While we could argue that this is no big deal and there is nothing wrong with having testing tables in production, I’ll end this article with some code on how to switch to an in-memory SQLite fake_reviewables table.

One way to do this is to include helpers to switch to an in-memory database. Here is the InMemoryDatabaseHelpers module and its usage with FakeReviewable.

And finally the solution described in the TL;DR

Food for thought

What about testing scopes?

This article is quite long already. The same principles would apply to test scopes. If you’re interested in a fully working spec suite, here is the Gist: Testing ActiveRecord Concerns.

Raw SQL queries

Most of SQL syntax is shared across the mainstream databases and thanks to Rails the SQL is also abstracted in a DSL.

This method of testing concerns will work for most of the use cases, however, concerns introducing raw SQL queries can be a problem. Raw SQL queries can use different syntax between MySQL, SQLite or PostgreSQL. For example, PostgreSQL has a specific syntax for window functions like OVER (PARTITION BY x) which I think doesn't exist in SQLite.

In this case, another testing approach would be required for that specific concern. Hopefully, raw SQLs are the exception and not the standard in your Rails codebase.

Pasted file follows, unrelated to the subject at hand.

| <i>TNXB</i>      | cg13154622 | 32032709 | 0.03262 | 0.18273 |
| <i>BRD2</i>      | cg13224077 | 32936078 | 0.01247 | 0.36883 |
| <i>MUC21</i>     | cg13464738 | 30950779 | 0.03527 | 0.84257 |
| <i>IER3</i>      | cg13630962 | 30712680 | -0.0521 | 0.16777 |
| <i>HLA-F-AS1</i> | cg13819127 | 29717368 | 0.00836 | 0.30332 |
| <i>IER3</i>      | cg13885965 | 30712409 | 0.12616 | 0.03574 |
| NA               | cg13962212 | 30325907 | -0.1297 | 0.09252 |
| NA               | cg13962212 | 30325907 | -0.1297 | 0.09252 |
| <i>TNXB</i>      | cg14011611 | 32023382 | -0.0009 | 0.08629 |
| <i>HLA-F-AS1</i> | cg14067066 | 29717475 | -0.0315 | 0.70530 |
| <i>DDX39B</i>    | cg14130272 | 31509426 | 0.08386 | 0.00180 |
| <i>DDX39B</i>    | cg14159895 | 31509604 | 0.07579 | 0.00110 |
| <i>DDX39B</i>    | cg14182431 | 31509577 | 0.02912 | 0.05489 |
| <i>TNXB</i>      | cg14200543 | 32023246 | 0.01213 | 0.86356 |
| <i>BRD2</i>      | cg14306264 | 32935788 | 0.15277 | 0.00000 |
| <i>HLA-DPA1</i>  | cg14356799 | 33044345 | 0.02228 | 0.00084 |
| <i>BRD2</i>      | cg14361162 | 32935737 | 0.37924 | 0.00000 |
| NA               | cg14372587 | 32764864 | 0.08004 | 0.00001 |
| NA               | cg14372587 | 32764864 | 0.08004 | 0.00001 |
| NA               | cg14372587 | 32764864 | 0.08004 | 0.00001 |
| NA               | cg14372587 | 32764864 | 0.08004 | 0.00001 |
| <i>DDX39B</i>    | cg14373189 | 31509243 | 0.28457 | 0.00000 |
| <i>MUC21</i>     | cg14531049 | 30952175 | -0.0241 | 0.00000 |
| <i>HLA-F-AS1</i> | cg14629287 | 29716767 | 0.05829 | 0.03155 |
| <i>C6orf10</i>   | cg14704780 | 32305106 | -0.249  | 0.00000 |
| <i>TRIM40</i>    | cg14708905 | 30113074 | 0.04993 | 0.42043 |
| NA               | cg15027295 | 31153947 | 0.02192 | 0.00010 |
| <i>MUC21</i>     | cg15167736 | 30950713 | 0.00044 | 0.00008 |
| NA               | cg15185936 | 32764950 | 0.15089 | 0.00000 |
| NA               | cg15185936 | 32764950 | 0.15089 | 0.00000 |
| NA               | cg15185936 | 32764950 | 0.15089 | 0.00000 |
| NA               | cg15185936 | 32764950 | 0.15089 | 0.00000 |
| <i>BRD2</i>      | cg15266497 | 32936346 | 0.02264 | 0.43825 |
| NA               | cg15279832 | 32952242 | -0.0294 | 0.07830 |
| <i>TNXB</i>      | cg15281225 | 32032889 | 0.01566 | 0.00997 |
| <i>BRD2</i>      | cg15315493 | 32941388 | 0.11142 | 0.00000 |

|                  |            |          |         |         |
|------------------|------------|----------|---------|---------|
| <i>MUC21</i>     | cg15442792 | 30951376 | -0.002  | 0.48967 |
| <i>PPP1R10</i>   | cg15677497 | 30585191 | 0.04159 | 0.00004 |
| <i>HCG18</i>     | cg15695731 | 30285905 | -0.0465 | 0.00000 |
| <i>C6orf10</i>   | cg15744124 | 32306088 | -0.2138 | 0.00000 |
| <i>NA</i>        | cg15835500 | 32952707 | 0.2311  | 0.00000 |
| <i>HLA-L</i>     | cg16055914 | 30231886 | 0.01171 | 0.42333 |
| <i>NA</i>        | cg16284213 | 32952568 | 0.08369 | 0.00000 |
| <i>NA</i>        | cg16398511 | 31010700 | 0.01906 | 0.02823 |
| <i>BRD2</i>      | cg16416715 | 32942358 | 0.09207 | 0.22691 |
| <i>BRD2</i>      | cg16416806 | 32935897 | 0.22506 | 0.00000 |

Tests are fast

Tests run on a SQLite memory database are fast, faster than using MySQL or PostgreSQL to test your application. Here is a quick benchmark to show the differences between PostgreSQL, SQLite file and in-memory databases. The result shows the creation of a thousand posts on a rails console with each adapter.

Cost of switching

We haven’t properly profiled our test suite but our current CI time doesn’t seem to have been impacted. Here is a quick benchmark showing the cost of instantiating an in-memory SQLite database and switching back to PostgreSQL.

Switching locally to an in-memory SQLite database for some tests is not taking too long to instantiate. With those results, we could even consider switching before every test that requires a temporary database without being too significant.


I love Minitest but I am not aware of a standard method to run expensive tasks before a group of tests like RSpec does with before(:all). One way would be to use minitest-hooks gem which helps you wrap expensive tasks in a similar fashion to RSpec.